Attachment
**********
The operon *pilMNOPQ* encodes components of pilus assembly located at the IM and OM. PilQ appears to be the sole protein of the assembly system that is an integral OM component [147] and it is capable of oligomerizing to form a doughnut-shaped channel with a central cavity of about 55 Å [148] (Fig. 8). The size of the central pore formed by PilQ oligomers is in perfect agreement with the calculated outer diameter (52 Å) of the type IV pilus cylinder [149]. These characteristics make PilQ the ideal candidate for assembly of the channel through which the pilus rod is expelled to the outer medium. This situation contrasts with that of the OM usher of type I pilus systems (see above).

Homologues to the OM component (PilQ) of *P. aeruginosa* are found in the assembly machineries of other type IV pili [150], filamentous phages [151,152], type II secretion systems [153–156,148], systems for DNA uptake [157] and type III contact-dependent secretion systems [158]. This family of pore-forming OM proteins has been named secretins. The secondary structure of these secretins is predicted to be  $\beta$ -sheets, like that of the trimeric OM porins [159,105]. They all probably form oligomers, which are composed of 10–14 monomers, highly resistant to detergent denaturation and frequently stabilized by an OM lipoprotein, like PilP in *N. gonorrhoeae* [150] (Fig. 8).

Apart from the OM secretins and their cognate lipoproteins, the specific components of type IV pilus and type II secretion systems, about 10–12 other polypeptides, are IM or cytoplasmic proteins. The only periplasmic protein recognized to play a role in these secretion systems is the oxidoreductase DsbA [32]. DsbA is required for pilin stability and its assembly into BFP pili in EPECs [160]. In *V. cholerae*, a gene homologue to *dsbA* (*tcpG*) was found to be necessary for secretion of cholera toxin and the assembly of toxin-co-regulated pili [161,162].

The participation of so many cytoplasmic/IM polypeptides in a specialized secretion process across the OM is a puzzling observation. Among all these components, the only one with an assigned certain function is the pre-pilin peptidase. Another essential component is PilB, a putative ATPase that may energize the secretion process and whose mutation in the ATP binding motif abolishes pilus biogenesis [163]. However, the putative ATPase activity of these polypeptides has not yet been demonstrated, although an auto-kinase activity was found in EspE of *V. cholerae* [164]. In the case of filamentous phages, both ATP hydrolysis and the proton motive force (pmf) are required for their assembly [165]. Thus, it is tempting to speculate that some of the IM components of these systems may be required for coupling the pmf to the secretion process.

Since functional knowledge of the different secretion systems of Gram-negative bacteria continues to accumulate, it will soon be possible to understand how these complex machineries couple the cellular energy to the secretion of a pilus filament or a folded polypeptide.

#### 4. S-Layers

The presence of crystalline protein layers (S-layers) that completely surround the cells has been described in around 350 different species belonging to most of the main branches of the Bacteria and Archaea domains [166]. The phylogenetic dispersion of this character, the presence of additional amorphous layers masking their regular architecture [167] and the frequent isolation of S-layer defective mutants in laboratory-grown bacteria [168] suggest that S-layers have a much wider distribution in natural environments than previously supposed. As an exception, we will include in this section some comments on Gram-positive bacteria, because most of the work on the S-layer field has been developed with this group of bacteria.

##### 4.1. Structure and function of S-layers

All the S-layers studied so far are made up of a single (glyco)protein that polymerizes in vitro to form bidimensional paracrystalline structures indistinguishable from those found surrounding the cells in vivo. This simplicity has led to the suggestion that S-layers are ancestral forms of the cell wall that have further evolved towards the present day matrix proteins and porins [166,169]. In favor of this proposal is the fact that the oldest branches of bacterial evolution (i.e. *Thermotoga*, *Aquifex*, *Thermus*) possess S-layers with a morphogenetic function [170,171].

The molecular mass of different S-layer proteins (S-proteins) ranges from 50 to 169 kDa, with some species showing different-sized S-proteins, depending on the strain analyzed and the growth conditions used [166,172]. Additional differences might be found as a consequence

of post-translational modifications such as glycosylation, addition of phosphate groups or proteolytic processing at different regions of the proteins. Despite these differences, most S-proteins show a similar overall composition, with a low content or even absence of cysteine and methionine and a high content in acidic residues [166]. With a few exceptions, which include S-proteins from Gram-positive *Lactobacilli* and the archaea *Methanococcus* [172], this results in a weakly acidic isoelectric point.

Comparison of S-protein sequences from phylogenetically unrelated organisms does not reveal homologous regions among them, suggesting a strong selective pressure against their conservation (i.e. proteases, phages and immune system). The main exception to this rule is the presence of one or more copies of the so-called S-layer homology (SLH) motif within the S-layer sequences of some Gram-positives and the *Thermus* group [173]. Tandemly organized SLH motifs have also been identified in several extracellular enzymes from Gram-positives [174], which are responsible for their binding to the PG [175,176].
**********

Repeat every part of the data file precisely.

The operon *pilMNOPQ* encodes components of pilus assembly located at the IM and OM. PilQ appears to be the sole protein of the assembly system that is an integral OM component [147] and it is capable of oligomerizing to form a doughnut-shaped channel with a central cavity of about 55 Å [148] (Fig. 8). The size of the central pore formed by PilQ oligomers is in perfect agreement with the calculated outer diameter (52 Å) of the type IV pilus cylinder [149]. These characteristics make PilQ the ideal candidate for assembly of the channel through which the pilus rod is expelled to the outer medium. This situation contrasts with that of the OM usher of type I pilus systems (see above).

Homologues to the OM component (PilQ) of *P. aeruginosa* are found in the assembly machineries of other type IV pili [150], filamentous phages [151,152], type II secretion systems [153–156,148], systems for DNA uptake [157] and type III contact-dependent secretion systems [158]. This family of pore-forming OM proteins has been named secretins. The secondary structure of these secretins is predicted to be  $\beta$ -sheets, like that of the trimeric OM porins [159,105]. They all probably form oligomers, which are composed of 10–14 monomers, highly resistant to detergent denaturation and frequently stabilized by an OM lipoprotein, like PilP in *N. gonorrhoeae* [150] (Fig. 8).

Apart from the OM secretins and their cognate lipoproteins, the specific components of type IV pilus and type II secretion systems, about 10–12 other polypeptides, are IM or cytoplasmic proteins. The only periplasmic protein recognized to play a role in these secretion systems is the oxidoreductase DsbA [32]. DsbA is required for pilin stability and its assembly into BFP pili in EPECs [160]. In *V. cholerae*, a gene homologue to *dsbA* (*tcpG*) was found to be necessary for secretion of cholera toxin and the assembly of toxin-co-regulated pili [161,162].

The participation of so many cytoplasmic/IM polypeptides in a specialized secretion process across the OM is a puzzling observation. Among all these components, the only one with an assigned certain function is the pre-pilin peptidase. Another essential component is PilB, a putative ATPase that may energize the secretion process and whose mutation in the ATP binding motif abolishes pilus biogenesis [163]. However, the putative ATPase activity of these polypeptides has not yet been demonstrated, although an auto-kinase activity was found in EspE of *V. cholerae* [164]. In the case of filamentous phages, both ATP hydrolysis and the proton motive force (pmf) are required for their assembly [165]. Thus, it is tempting to speculate that some of the IM components of these systems may be required for coupling the pmf to the secretion process.

Since functional knowledge of the different secretion systems of Gram-negative bacteria continues to accumulate, it will soon be possible to understand how these complex machineries couple the cellular energy to the secretion of a pilus filament or a folded polypeptide.

#### 4. S-Layers

The presence of crystalline protein layers (S-layers) that completely surround the cells has been described in around 350 different species belonging to most of the main branches of the Bacteria and Archaea domains [166]. The phylogenetic dispersion of this character, the presence of additional amorphous layers masking their regular architecture [167] and the frequent isolation of S-layer defective mutants in laboratory-grown bacteria [168] suggest that S-layers have a much wider distribution in natural environments than previously supposed. As an exception, we will include in this section some comments on Gram-positive bacteria, because most of the work on the S-layer field has been developed with this group of bacteria.

##### 4.1. Structure and function of S-layers

All the S-layers studied so far are made up of a single (glyco)protein that polymerizes in vitro to form bidimensional paracrystalline structures indistinguishable from those found surrounding the cells in vivo. This simplicity has led to the suggestion that S-layers are ancestral forms of the cell wall that have further evolved towards the present day matrix proteins and porins [166,169]. In favor of this proposal is the fact that the oldest branches of bacterial evolution (i.e. *Thermotoga*, *Aquifex*, *Thermus*) possess S-layers with a morphogenetic function [170,171].

The molecular mass of different S-layer proteins (S-proteins) ranges from 50 to 169 kDa, with some species showing different-sized S-proteins, depending on the strain analyzed and the growth conditions used [166,172]. Additional differences might be found as a consequence

of post-translational modifications such as glycosylation, addition of phosphate groups or proteolytic processing at different regions of the proteins. Despite these differences, most S-proteins show a similar overall composition, with a low content or even absence of cysteine and methionine and a high content in acidic residues [166]. With a few exceptions, which include S-proteins from Gram-positive *Lactobacilli* and the archaea *Methanococcus* [172], this results in a weakly acidic isoelectric point.

Comparison of S-protein sequences from phylogenetically unrelated organisms does not reveal homologous regions among them, suggesting a strong selective pressure against their conservation (i.e. proteases, phages and immune system). The main exception to this rule is the presence of one or more copies of the so-called S-layer homology (SLH) motif within the S-layer sequences of some Gram-positives and the *Thermus* group [173]. Tandemly organized SLH motifs have also been identified in several extracellular enzymes from Gram-positives [174], which are responsible for their binding to the PG [175,176].